March 6 - Happy birthday, Wes Montgomery.
I came late to Wes Montgomery. I was influenced by those who followed him long before I ever actually got into the man himself. I have loved jazz all my life, but only in the last decade have I truly tried to play it and feel it. To do that, I realized that an appreciation for Wes is essential. He directly influenced such greats as George Benson, Grant Green, Pat Martino, Allan Holdsworth and Lee Ritenour. Pat Metheny has said "I learned to play listening to Wes Montgomery's Smokin at the Half Note." Even amongst his contemporaries, which included such talented guitarists as Johnny Smith, Jimmy Raney,Tal Farlow, Herb Ellis, Barney Kessel and Kenny Burrell, Wes was recognized as something special. Fellow guitarist Joe Pass referred to him as one of only three real innovators on the guitar, the others being Charlie Christian and Django Reinhardt.
If these names are new to you, consider this an invitation to explore the amazing world of jazz guitar. Go and start listening to some music by every one of these greats. But start and end with Wes. Why?
Why do guitarists as diverse as Jimi Hendrix, Carlos Santana and Eric Johnson feel such a strong influence from him? Why did Frank Zappa say, "If you want to learn how to play guitar, listen to Wes Montgomery."
The year 1960 was when he first came to public attention, but he was no newcomer. Indeed he was almost 40 years old and had been playing for years before he hit the big time. After a brief run with Lionel Hampton in the late 1940's Wes had been toiling in obscurity in Indianapolis, working a day job, raising a family, and gigging three or four nights a week at local clubs. It takes passionate commitment to voluntarily stay out until 2 in the morning playing club dates, night after night, knowing you will go home, get four hours sleep and then get up and go to your day job. But Wes was not just surviving during this time, he was thriving, growing, maturing. He was developing an amazing technique and a style all his own. Clearly Wes loved what he was doing and was utterly devoted to his music. Watch the short clip below for some great insight into how, in spite of the indignities of segregation, Indianapolis provided a nurturing environment for Wes, a safe haven for him to allow his talent to grow and blossom.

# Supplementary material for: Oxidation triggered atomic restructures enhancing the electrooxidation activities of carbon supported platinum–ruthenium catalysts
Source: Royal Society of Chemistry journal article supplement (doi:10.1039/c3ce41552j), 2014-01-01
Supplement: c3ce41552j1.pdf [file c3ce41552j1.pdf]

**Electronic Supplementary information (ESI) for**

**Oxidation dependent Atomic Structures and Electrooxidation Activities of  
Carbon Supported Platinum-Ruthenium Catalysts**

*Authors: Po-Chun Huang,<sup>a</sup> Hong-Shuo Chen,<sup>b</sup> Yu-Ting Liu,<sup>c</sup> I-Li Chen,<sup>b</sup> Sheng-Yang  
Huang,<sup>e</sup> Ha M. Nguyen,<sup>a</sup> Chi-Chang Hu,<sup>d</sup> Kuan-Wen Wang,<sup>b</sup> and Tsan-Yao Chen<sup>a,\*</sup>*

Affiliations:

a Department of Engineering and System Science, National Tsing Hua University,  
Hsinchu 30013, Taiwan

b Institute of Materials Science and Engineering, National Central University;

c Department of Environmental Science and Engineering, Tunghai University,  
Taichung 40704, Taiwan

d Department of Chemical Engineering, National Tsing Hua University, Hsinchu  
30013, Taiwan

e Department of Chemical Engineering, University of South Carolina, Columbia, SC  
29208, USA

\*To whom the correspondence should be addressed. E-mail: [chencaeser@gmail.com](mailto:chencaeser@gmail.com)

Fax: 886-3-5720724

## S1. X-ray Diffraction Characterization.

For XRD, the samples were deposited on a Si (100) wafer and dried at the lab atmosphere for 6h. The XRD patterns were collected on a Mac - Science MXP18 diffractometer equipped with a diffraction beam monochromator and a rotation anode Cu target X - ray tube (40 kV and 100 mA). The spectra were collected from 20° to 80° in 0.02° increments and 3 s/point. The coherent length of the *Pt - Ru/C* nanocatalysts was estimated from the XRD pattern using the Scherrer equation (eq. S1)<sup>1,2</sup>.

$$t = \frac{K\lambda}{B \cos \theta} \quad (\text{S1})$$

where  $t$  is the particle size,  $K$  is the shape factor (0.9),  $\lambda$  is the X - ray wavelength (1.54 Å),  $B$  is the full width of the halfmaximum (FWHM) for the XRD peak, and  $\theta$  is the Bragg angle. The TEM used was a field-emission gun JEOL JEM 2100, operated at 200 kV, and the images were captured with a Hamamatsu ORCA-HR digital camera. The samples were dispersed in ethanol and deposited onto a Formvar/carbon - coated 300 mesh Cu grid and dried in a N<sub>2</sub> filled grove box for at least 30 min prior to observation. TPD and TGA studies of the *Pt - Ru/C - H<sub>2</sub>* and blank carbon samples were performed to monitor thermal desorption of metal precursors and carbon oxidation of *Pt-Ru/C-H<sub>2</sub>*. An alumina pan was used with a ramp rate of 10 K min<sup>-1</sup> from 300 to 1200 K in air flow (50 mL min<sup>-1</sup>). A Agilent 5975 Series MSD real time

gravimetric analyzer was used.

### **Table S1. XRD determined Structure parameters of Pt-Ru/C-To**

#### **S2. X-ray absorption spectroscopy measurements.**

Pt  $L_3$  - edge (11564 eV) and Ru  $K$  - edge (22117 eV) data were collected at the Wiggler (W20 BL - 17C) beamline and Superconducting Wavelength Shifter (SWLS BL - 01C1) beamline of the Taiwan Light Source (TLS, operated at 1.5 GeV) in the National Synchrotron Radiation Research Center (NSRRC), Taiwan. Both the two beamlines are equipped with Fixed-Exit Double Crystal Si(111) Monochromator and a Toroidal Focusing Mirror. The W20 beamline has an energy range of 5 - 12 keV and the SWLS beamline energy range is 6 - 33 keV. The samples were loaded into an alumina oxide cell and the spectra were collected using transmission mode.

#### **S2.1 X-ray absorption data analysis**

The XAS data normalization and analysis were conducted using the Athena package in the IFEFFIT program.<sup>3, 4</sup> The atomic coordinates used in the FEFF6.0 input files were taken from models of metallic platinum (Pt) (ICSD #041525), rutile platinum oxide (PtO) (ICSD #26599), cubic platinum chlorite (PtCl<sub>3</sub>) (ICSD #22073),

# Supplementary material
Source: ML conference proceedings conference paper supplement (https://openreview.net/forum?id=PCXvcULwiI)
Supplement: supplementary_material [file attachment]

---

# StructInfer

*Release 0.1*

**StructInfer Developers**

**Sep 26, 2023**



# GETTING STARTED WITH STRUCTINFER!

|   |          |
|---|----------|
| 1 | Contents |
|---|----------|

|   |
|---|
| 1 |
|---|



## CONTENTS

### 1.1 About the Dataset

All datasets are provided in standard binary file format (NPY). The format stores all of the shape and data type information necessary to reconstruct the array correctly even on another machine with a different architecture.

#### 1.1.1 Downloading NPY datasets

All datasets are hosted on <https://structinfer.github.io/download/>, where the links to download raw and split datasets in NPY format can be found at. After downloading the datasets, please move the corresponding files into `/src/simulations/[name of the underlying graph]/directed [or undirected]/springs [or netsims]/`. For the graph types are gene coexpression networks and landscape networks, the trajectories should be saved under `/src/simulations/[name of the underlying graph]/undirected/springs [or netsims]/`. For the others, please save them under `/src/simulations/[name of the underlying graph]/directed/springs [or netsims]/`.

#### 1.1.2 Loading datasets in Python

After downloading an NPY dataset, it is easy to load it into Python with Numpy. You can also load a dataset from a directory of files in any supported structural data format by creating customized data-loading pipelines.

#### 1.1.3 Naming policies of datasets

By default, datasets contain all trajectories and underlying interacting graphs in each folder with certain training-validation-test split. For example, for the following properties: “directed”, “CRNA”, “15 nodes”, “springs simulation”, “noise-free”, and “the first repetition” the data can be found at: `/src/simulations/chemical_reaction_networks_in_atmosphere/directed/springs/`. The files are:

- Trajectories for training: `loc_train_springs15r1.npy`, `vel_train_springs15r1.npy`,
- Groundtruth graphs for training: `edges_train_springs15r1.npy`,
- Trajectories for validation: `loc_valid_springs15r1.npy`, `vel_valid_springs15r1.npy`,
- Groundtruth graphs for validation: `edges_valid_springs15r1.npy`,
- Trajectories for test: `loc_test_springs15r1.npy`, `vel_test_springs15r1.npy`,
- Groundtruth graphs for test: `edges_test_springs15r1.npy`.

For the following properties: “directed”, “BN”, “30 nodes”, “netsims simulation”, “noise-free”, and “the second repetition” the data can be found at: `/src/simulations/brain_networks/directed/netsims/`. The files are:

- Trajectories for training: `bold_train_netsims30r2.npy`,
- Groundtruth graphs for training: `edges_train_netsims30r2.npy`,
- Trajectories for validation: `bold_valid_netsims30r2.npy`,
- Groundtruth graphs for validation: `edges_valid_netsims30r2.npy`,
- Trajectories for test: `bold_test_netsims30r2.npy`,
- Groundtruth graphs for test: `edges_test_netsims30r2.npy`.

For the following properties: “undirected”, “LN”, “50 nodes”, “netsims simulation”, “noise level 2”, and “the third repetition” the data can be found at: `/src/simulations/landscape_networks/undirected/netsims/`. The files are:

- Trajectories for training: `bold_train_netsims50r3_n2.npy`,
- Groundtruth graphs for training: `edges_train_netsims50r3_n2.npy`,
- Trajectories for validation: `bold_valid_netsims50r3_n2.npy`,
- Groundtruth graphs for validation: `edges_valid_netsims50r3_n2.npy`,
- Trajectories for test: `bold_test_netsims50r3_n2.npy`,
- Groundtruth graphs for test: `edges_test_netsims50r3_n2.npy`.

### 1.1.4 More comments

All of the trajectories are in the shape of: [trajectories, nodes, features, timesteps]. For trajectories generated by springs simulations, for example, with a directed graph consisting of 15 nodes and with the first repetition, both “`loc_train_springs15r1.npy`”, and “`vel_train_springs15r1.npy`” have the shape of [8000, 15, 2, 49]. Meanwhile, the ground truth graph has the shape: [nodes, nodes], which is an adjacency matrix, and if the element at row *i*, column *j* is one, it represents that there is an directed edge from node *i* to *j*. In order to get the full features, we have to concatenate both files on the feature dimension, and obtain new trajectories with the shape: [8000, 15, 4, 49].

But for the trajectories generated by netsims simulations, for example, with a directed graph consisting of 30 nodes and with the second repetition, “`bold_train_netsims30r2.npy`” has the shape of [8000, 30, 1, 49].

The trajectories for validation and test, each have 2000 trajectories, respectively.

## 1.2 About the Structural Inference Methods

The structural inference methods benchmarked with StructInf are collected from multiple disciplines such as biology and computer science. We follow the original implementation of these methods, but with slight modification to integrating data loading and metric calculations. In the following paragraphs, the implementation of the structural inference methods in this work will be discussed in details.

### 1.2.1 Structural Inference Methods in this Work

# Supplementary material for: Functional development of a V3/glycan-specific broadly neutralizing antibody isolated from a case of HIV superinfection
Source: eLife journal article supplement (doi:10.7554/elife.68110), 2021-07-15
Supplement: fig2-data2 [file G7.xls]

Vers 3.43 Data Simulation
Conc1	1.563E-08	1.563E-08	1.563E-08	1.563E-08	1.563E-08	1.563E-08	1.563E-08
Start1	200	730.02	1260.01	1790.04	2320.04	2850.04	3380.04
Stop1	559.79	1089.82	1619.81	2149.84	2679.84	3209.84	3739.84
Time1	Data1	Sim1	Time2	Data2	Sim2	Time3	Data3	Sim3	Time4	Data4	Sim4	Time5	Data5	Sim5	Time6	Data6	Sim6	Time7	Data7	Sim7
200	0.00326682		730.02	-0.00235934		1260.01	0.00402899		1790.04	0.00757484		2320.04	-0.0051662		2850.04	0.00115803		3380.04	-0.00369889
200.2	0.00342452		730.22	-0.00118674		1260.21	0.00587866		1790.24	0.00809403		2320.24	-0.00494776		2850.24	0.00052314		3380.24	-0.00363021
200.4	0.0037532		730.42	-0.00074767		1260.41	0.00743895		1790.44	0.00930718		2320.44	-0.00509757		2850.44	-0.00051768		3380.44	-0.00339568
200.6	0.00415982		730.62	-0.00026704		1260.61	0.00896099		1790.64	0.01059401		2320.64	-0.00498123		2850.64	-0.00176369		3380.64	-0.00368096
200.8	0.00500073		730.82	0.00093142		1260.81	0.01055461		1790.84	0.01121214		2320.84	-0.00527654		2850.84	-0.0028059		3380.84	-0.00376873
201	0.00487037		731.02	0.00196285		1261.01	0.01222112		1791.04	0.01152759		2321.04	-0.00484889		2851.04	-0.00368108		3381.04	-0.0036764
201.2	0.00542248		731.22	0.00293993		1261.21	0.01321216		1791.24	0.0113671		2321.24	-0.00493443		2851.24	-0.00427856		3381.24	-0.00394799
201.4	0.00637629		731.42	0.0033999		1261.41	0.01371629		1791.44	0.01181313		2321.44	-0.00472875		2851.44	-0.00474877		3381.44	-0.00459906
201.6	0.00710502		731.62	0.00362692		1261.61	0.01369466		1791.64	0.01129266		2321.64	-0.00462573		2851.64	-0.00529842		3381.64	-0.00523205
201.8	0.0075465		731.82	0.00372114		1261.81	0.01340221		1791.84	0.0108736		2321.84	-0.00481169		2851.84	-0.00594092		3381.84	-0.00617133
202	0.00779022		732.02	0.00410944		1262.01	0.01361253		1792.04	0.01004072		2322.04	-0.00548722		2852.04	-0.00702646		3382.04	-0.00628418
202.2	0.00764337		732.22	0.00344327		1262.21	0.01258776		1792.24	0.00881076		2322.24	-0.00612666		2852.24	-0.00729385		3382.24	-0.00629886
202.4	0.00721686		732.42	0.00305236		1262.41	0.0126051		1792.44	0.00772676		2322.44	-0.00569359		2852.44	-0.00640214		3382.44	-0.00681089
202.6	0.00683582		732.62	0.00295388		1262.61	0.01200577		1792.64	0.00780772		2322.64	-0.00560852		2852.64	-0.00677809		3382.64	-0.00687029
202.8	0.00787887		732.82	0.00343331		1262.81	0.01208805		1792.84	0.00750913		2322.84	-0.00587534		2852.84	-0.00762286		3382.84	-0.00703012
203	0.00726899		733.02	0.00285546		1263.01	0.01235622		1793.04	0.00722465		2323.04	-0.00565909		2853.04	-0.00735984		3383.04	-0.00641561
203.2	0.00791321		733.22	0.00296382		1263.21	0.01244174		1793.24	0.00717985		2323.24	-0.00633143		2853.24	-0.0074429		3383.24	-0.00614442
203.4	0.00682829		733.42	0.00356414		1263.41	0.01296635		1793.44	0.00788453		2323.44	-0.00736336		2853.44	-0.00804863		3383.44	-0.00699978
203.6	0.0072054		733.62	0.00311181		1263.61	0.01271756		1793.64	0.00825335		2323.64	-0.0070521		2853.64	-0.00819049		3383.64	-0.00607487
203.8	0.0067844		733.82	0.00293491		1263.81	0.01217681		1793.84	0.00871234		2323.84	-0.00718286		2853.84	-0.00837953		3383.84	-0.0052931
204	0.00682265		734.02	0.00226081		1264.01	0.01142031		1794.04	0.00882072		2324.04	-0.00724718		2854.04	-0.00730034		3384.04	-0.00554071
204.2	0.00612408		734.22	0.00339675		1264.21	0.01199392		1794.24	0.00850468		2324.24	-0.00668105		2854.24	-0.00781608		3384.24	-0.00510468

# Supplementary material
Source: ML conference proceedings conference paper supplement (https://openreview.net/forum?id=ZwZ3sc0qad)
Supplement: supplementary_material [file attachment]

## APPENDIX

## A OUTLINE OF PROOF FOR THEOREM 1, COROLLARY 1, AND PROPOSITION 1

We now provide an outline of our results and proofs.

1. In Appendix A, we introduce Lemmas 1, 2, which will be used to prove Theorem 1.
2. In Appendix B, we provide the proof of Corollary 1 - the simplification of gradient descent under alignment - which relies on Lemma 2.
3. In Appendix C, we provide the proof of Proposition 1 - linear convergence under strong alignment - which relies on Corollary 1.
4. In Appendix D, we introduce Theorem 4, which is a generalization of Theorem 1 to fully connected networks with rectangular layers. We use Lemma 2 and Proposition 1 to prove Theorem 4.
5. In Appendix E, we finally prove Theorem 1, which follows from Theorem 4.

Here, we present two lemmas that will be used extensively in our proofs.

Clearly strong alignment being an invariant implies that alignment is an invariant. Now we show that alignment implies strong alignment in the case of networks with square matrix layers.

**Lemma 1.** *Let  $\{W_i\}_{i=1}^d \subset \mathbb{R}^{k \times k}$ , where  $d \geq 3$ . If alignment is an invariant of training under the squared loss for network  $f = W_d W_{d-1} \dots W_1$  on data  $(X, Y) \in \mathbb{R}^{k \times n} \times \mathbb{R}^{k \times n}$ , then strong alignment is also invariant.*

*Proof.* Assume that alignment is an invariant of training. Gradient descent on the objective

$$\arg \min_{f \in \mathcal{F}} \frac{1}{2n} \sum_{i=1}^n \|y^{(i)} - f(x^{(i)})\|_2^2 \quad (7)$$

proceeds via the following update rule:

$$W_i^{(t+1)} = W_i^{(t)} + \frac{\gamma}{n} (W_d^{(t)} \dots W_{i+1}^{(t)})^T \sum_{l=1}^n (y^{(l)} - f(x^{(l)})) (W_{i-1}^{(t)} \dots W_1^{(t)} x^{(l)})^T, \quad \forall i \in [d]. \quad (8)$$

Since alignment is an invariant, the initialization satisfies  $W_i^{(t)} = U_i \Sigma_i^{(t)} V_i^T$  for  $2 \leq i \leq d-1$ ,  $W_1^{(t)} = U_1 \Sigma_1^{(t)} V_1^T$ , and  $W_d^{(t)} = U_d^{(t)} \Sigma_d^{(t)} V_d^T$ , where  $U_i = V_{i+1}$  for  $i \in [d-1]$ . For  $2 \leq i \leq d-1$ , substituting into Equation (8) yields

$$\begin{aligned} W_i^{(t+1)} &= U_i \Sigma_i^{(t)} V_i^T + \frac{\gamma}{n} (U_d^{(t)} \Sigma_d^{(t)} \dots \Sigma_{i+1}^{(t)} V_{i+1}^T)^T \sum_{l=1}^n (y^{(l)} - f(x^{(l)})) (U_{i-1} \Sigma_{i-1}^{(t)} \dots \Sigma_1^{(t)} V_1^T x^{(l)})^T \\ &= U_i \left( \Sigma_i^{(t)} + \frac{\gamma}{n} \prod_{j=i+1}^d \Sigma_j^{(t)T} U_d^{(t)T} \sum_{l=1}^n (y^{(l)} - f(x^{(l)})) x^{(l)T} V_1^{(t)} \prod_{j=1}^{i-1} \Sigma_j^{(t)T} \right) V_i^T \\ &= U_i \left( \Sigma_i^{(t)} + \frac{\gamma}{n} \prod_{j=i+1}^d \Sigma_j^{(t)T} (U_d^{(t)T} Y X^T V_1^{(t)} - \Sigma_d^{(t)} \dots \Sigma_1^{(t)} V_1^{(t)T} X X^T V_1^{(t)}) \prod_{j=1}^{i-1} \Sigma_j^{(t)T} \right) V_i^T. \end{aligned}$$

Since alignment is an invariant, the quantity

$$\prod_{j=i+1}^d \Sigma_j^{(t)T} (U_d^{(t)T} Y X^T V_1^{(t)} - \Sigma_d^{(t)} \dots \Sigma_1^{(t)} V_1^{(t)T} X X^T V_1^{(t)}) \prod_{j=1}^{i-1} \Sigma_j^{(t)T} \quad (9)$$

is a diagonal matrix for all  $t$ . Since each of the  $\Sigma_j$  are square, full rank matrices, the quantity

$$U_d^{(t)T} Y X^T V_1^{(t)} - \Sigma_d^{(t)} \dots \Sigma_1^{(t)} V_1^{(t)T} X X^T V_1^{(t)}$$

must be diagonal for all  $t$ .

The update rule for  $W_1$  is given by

So put on "The Incredible Jazz Guitar of Wes Montgomery" and listen. Get past the relatively primitive recording quality and picture the scene. Wes shows up at the studio with a group of musicians, they set up their gear, the producer puts some microphones around, and a few hours later, the record is done. This is the sound of jazz records of the time. You get a sense of being there, hearing exactly what happened on that day: the sound of real people playing music. The tape recorder was just like the fly on the wall, eavesdropping on the moment. There was no studio trickery or post-production magic to sweeten the sound; what they played that day was what went on the record. And what went down that day was so good, it is still considered one of the greatest jazz guitar albums of all time.
Every time I return to Wes, I still marvel at his command of jazz vocabulary, his impeccable rhythmic precision, and his endless melodic inventiveness. On top of all that, there is his tremendous sense of swing, and a laid back, relaxed feeling that underlies everything. He infuses his playing with his unique character - a gentle, fun, relaxed quality that balances out the thoughtful, intense nature that overtakes a lot of jazz.
Then there's the thumb. Watch some video and try to get your mind around how he accomplishes all that with only the thumb of his right hand ever striking the strings.
Wes had the whole package: technical mastery and musical depth, all wrapped up in a warm inviting package that jazz critic Stanley Crouch referred to as "the true welcome." Music has never been more true, or more welcoming, than it was with Wes.
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